Remember when people dismissed the iPad as a fad? It's just a big iPod Touch, they said. Who would want one of those?
Quite a lot of folks, actually. The iPad touched off a revolution that has grown to truly epic proportions. 207 million tablets shipped last year, according to market research firm Gartner, and that total is expected to grow to 256 million in 2014. The following year, Gartner projects that tablet shipments will hit 321 million units and eclipse PCs for the first time.
So, yeah, probably not a fad.
Intel initially missed the boat on the tablet trend, but it's starting to make inroads in the market. In an earnings press release issued last week, CEO Brian Krzanich said the company is on track to ship in 40 million tablets this year. Many of those devices will likely be smaller, inexpensive Android slates like Asus' Memo Pad ME176C.
At a glance, it's easy to see why Intel expects to move a lot of tablets like these. The Memo Pad sells for just $149, yet it has a quad-core Bay Trail SoC, a 7" IPS display, and a nice selection of additional features. Looks like a great deal, right?
Maybe. You see, those Bay Trail cores might be great for Windows PCs, but they're based on an x86 instruction set architecture (ISA) that's sort of a foreign language in the mobile world. Most tablets use ARM-compatible chips with a completely different ISA. Any apps with ARM-specific code must be adapted or translated just to run on x86 hardware, which could lead to slower performance and longer load times.
The obvious question, then, is how does Intel's latest Atom fare on an Android device? More importantly, can a cheap Bay Trail tablet like the Memo Pad ME176C deliver a good user experience? I've been using one to find out, and the answers are a little complicated. Allow me to explain.
Anatomy of a budget slate
Some aspects of the Memo Pad are easy to grasp. Take the Atom Z3745 SoC, for example. It's an Android-specific version of the Bay Trail quad found in Asus' $350 Transformer Book T100 convertible. The CPU cores have the same 1.33GHz base and 1.86GHz Burst frequencies, and the base GPU speed is unchanged. The peak GPU clock is 111MHz higher, though, at 778MHz.
|Processor||Atom Z3745 (1.33GHz base, 1.86GHz Burst)|
|Graphics||Intel HD Graphics (311MHz base, 778MHz Burst)|
|Memory||1GB LPDDR3 1066|
|Display||7" IPS panel with 1280x800 resolution (216 PPI)|
Up to 64GB via Micro SD
|Ports||1 Micro USB
1 analog headphone/microphone
|Cameras||5MP rear, 2MP front|
|Dimensions||7.5" x 4.5" x 0.38" (190.5 x 114.3 x 9.65 mm)|
|Weight||0.65 lbs (295 g)|
The Memo Pad runs Android 4.4.2, otherwise known as KitKat. This OS revision includes optimizations for devices with lower memory capacities, so the gig of system RAM shouldn't be a huge handicap. Neither should the 16GB of internal flash, which is comparable to the base storage capacity of premium Android and iOS slates. Unlike a lot of those pricier tablets, the Memo Pad has a Micro SD slot ripe for secondary storage. Up to 64GB can be added via mini memory card.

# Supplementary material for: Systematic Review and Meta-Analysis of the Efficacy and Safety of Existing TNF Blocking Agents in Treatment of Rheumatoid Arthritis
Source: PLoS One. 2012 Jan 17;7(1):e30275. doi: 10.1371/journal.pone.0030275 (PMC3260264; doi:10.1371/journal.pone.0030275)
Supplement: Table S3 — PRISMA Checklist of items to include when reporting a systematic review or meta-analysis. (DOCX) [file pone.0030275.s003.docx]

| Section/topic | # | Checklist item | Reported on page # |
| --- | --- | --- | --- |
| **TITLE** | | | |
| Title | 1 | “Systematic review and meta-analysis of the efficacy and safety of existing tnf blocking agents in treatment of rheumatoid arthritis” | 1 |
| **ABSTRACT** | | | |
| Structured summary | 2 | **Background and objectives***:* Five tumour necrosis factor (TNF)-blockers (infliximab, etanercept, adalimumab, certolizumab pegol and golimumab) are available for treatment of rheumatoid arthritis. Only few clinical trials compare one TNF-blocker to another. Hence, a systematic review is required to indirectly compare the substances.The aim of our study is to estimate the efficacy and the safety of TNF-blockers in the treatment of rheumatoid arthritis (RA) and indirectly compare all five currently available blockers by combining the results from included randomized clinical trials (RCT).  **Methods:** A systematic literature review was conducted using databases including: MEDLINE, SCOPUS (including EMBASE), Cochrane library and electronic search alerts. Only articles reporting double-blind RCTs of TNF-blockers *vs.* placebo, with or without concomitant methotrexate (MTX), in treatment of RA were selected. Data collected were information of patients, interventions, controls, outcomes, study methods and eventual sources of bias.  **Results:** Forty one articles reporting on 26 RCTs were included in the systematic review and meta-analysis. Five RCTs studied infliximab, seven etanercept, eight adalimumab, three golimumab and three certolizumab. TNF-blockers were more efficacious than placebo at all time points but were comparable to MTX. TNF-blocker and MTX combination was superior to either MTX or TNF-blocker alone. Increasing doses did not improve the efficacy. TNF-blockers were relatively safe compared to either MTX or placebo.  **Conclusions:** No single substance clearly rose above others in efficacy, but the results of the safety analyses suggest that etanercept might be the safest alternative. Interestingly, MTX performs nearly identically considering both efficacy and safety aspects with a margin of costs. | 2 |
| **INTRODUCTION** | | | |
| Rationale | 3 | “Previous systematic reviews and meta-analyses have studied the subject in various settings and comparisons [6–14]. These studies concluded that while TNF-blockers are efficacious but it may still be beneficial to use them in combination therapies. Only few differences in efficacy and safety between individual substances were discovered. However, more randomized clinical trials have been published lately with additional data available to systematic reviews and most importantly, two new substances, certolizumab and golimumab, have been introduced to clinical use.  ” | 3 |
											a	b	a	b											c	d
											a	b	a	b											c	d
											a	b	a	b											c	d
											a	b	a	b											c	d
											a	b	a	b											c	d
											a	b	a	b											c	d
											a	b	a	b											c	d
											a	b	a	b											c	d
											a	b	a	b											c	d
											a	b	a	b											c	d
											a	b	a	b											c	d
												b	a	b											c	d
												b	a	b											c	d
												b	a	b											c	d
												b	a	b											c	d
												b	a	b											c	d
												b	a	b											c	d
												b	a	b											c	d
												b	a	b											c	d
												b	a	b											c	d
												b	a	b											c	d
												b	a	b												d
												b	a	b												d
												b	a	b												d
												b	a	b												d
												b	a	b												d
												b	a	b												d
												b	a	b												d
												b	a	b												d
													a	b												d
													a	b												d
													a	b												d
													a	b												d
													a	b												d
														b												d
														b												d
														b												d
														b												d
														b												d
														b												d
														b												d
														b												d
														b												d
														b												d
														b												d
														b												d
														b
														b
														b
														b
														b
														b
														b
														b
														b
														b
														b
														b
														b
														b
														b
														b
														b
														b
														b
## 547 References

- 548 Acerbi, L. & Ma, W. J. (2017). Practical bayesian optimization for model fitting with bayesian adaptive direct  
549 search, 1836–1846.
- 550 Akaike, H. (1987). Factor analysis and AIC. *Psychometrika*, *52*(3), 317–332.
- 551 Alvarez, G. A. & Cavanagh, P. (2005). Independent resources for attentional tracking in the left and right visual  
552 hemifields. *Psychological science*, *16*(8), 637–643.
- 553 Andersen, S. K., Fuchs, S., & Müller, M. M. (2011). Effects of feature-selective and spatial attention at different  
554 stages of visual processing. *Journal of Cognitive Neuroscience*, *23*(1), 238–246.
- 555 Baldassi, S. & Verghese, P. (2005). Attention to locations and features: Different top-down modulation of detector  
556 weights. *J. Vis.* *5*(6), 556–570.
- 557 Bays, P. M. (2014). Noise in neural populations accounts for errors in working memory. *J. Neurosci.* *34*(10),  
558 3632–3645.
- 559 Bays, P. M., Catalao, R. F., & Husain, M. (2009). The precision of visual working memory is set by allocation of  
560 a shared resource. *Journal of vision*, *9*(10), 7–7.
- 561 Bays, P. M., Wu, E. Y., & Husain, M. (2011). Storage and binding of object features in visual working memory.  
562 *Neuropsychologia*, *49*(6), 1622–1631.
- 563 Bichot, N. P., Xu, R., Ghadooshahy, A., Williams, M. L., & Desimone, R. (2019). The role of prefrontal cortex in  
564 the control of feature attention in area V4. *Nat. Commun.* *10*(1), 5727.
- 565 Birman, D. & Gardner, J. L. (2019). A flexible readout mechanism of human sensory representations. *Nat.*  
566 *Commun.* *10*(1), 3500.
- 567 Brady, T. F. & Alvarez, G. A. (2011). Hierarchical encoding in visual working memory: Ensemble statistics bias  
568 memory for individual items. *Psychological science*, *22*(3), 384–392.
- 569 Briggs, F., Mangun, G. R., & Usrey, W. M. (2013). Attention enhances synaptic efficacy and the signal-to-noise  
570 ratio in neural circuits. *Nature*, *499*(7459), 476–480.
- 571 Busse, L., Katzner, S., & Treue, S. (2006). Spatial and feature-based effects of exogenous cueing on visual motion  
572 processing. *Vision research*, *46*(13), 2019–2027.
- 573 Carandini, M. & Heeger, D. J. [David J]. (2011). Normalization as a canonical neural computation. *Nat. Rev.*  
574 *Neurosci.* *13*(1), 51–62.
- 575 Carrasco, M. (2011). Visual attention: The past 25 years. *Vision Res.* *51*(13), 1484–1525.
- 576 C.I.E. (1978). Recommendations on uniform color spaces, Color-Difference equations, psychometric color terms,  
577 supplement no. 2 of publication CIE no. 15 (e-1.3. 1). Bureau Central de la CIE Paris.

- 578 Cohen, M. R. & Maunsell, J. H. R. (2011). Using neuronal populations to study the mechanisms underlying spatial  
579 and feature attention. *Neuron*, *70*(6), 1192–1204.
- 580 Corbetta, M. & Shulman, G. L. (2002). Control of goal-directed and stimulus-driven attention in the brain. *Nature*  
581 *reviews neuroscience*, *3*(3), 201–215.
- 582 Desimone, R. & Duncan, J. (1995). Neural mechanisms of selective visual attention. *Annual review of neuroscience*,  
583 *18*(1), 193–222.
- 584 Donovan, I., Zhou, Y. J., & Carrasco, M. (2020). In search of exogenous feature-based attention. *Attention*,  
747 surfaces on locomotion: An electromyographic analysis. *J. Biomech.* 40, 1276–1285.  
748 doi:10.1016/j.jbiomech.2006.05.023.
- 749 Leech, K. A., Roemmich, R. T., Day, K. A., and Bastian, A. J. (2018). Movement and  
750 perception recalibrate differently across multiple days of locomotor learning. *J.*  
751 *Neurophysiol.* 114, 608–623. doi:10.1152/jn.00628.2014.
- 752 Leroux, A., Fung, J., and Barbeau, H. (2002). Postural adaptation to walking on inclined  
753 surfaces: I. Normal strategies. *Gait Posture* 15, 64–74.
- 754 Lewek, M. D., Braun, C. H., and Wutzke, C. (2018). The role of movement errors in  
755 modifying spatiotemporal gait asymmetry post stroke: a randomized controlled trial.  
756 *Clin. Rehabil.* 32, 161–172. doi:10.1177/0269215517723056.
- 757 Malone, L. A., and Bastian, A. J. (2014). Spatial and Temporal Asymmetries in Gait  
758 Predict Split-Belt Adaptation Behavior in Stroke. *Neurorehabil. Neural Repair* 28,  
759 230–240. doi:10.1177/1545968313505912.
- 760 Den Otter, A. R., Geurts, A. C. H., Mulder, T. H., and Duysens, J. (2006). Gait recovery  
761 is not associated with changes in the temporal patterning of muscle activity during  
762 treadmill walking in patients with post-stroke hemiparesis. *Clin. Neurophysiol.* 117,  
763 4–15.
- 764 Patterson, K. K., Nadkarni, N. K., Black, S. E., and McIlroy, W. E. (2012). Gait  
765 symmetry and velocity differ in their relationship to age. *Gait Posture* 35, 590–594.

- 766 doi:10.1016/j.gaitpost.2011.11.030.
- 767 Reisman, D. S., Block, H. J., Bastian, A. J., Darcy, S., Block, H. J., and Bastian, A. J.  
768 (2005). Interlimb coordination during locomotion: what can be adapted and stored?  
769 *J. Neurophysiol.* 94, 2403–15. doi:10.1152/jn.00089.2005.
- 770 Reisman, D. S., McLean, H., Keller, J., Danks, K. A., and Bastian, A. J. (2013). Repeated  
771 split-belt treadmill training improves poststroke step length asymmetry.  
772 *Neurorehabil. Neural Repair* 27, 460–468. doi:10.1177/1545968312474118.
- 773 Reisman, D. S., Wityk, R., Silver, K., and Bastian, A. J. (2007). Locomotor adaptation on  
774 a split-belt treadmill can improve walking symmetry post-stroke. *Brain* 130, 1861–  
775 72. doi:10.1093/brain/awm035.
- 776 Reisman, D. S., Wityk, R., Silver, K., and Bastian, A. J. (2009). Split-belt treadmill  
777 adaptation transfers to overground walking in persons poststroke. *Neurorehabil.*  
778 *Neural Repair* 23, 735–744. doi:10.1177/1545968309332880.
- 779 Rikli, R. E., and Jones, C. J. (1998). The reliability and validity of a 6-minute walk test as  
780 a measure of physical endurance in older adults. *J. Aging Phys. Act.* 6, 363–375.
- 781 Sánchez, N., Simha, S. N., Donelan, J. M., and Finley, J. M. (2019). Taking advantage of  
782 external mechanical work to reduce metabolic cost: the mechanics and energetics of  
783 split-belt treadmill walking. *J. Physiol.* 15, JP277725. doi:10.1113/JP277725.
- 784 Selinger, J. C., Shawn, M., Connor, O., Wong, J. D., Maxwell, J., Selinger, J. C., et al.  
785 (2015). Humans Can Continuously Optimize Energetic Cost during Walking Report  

A Micro USB connector and headset jack are the only ports of note. There are dual cameras, of course—a 5MP unit at the rear and a 2MP one up front—plus 802.11 Wi-Fi, Bluetooth, GPS, and the usual collection of sensors. Power and volume buttons grace one edge, but their arrangement is a little unusual. The power switch sits below the volume rocker, which is the opposite of how things are organized on the Nexus 7 and most other Android tablets we've used.
Despite its bargain price tag, the Memo Pad doesn't feel overly cheap. The back is draped in smooth, soft-touch plastic that has just enough grip to keep the tablet from slipping out of my hands. This matte finish isn't completely impervious to smudges and fingerprints, but neither is the glossy touchscreen on any tablet. I'm over it.
The build quality appears to be solid overall. The frame is fairly stiff, with minimal flex and no obvious creaking when the body is torqued. I don't have the guts to do a drop test, though.
The display is based on a 7" panel with a 1280x800 pixel array. That resolution is a decent fit for the screen size, though it obviously doesn't match the crispness of higher-PPI alternatives like the latest Nexus 7. Text and images still look reasonably sharp, and individual pixels aren't visible unless you hold the tablet right up to your face. Picky reviewers are probably the only ones who will ever get that close to the screen.
We haven't had time to run the screen through our usual, ahem, gamut of colorimeter tests. However, the output looks good to my eyes, with vivid colors, wide viewing angles, and no obvious signs of backlight bleed. As an added bonus, the picture can be tuned with Asus' Splendid software, which has sliders for color temperature, hue, and saturation. The brightness can also be adjusted, but only manually. The Memo Pad lacks the ambient light sensor required for automatic backlight control.
Everything is squeezed into a compact chassis that's 0.38" (9.6 mm) thick and 0.65 lbs (295 g). Slimmer tablets do exist, but I think we've reached the point where shaving a couple more millimeters doesn't make a big difference. The Memo Pad is easy to carry and hold with one hand, just like every other 7" tablet I've used. The battery life seems to be comparable to that of other contenders, too. Asus claims run times up to nine hours on a single charge, which matches my subjective impressions based on casual use.
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